The tour opened in Manchester for 3 months, commencing 19 February 2007. Peter Kay was cast in the role of Roger De Bris, with Cory English and John Gordon Sinclair reprising their roles of Max Bialystock and Leo Bloom, respectively. For the majority of the UK tour, running through until early 2008, Joe Pasquale took over the role of Leo Bloom and Russ Abbot played Roger DeBris. The tour's dates at the Bristol Hippodrome were canceled due to reported poor ticket sales.

European Amateur premiere

The first European amateur company to stage The Producers was the Act Too Group. It ran from the 16th - 20th of September 2008 at The Hawth Theatre, Crawley, England. Directed by Lance Milton, it starred Jack Lane as Max Bialystock and Nick Pritchard as Leo Bloom.

U.S. productions

  • The Las Vegas, Nevada production opened at Paris Casino on February 9, 2007 and closed on February 9, 2008. It starred Brad Oscar as Bialystock, Larry Raben as Bloom and Leigh Zimmerman as Ulla, with David Hasselhoff receiving top billing as Roger De Bris. The production was a 90-minute version.[4]
  • In February, 2009, The Producers was a part of the 50th Anniversary Season of Diablo Light Opera Company and the San Francisco East Bay Premiere of the show. It starred Ginny Wehrmeister as Ulla, Ryan Drummond as Leo, and Marcus Klinger as Max. This production received the 2009 Shellie Award for Best Production, as well as Best Supporting Actor and Best Actor awards for Drummond and Klinger. Subsequently, Drummond, Klinger, and the Production received nominations for the 2009 Bay Area Theatre Critic Circle Award.

International productions

The Producers has also been presented professionally in many cities around the world, including Toronto, Berlin, Sydney, Melbourne, Brisbane, Christchurch, Tel Aviv, Seoul, Buenos Aires, Tokyo, Osaka, Nagoya, Copenhagen, Milan, Budapest, Madrid, Halifax, Mexico City, Prague, Stockholm, Bratislava, Vienna, Helsinki, Athens, Rio de Janeiro, São Paulo, Caracas, Portugal, Gothenborg and Moscow.[6]

It has been translated into German, Hebrew, Korean, Spanish, Japanese, Danish, Italian, Hungarian, Czech, Swedish, Slovak, Finnish, Greek, Portuguese, and Russian.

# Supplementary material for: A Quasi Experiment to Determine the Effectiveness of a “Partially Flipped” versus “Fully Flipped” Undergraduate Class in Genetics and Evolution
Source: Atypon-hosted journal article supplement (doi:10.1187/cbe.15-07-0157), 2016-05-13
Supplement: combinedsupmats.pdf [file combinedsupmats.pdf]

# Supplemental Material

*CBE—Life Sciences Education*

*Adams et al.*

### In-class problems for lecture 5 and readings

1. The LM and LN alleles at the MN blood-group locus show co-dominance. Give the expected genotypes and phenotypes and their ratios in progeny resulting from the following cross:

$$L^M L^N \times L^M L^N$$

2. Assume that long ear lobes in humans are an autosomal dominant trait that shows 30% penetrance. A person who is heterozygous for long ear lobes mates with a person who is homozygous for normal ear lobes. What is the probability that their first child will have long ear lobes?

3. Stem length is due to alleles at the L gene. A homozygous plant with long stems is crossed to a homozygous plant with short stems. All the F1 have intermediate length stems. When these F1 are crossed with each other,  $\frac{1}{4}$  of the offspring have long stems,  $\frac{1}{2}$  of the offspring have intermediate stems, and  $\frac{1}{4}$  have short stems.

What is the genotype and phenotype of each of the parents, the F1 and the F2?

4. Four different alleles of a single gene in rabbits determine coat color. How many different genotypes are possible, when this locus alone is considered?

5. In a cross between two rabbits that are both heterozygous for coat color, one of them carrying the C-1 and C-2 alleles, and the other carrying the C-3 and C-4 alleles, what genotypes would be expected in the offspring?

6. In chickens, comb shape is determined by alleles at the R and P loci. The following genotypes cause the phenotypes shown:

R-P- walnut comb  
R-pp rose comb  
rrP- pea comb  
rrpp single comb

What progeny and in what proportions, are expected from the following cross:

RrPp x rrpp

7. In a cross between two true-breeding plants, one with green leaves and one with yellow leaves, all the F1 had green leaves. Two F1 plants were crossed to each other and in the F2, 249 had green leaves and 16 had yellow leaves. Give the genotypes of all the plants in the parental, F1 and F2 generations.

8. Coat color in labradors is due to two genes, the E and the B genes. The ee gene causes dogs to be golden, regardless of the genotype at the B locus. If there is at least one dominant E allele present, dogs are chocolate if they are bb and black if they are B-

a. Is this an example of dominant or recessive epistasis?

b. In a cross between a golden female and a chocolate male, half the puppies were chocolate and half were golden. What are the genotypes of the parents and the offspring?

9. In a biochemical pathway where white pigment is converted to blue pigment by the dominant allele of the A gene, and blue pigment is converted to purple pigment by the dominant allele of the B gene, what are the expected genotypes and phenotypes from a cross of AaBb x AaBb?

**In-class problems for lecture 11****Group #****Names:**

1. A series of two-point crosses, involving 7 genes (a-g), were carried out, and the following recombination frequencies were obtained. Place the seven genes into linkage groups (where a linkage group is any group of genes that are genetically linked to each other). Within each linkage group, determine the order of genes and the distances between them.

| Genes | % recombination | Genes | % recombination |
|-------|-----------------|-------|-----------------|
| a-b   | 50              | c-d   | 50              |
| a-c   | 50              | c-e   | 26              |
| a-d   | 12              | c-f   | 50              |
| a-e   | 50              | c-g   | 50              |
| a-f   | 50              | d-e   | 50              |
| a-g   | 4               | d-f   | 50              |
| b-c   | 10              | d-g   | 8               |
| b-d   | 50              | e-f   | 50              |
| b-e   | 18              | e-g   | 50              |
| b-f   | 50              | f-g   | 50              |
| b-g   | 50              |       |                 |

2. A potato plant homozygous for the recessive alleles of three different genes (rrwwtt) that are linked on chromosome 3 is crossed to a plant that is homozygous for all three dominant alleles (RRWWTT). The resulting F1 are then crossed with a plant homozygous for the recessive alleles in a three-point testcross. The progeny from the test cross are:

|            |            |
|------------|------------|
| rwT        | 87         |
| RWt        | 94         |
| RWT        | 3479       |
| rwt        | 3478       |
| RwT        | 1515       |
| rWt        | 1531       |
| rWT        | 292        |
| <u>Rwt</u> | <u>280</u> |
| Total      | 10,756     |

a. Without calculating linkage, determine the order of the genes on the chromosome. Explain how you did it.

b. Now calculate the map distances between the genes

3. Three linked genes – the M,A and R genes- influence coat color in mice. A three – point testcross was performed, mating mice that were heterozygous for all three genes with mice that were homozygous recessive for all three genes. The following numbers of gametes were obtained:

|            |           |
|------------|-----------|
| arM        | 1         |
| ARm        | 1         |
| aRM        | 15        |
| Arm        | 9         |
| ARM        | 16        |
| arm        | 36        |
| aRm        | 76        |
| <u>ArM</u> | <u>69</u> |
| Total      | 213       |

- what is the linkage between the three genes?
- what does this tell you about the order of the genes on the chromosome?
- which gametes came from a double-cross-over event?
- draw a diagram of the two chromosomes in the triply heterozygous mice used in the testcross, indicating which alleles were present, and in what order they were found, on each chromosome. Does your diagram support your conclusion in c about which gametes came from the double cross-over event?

• A Bratislava, Slovakia production openned in September 19, 2008 at the Istropolis Theatre. Starring Andrej Hryc/Marián Slovák (Max), Csongor Kassai/Tomáš Horváth (Leo), Kristína Farkašová/Eva Sakálová (Ulla), Štefan Skrúcaný/Roman Fedér (Roger), Viktor Horján/Štefan Martinovič (Carmen Gia), Marián Labuda sr./Michal Rovňák (Franz).
  • A Swedish version opened in Stockholm at the China Theatre on September 19, 2008. The actors where Claes Malmberg (Max), Kim Sulocki (Leo), Christine Meltzer (Ulla), Magnus Härenstam (Roger), Claes Månsson (Franz) and Ola Forssmed (Carmen). Later, the show opened in Gothenborg, at the Lorensbergstheater. Everyone from the Stockholm cast where still in the show except for Meltzer. The role off Ulla was instead played by Pernilla Wahlgren in the fall of 2009 and Sofie Lindberg in the spring of 2010.
  • A production in Athens, Greece opened in October 2007 starring Paulos Haikalis (Max), Antonis Loudaros (Leo), Viky Kagia (Ulla), Apostolos Gkletsos (Franz), Giannis Vouros (Roger)and Pantelis Kanarakis (Carmen).[7]
  • Copenhagen, Denmark's production premiered at Det Ny Teater on January 26, 2006. The Danish language production starring Preben Kristensen as Bialystock and Mads Knarreborg as Bloom. The run for the musical was extended twice.
  • A Milan, Italy production opened at Teatro della Luna on January 27, 2006. It starred Enzo Iacchetti as Bialystock, Gianluca Guidi as Leo Bloom, and Simona Samarelli as Ulla.
  • A Budapest, Hungary production premiered at Theatre Madách (Madách Színház) on June 2, 2006. Péter Haumann, János Gálvölgyi, and Béla Szerednyei alternate as Max Bialystock; Sándor Nagy, Dávid Sándor, and Vajk Szente alternate as Leo Bloom; and Nikolett Gallusz, Judit Ladinek and Szonja Oroszlán alternate as Ulla.
  • A Madrid, Spain production played at Teatro Coliseum from September 14, 2006 to May 6, 2007. It starred Santiago Segura as Bialystock, José Mota as Bloom, and Dulcinea Juárez as Ulla.
  • A German-language Viennese production ran at the Ronacher theatre from June 30, 2008 till February 22, 2009 with Cornelius Obonya as Bialystock, Andreas Bieber as Bloom, Bettina Moench as Ulla and Herbert Steinboeck as Liebkind.[8]. After closing in Vienna the show is scheduled to reopen in Berlin at the Admiralspalast by mid-May with the same cast.
  • A Portuguese production opened in November 2008 in Linda-a-Velha.
  • A Russian production opened in Moscow on April 23, 2009.
  • A production opened in Berlin, Germany, in May 2009.[6]
  • The Czech version is running in Karlin Musical Theatre in Prague.
  • A production opened in Finland on August 30, 2007. It was performed in Helsinki City Theatre (Helsingin kaupunginteatteri). The production closed on May 24, 2008.[9]

The Americas

  • The Rio de Janeiro, Brazil production has the same cast as the São Paulo, and debuted on April 2008 in the theatre house Vivo Rio.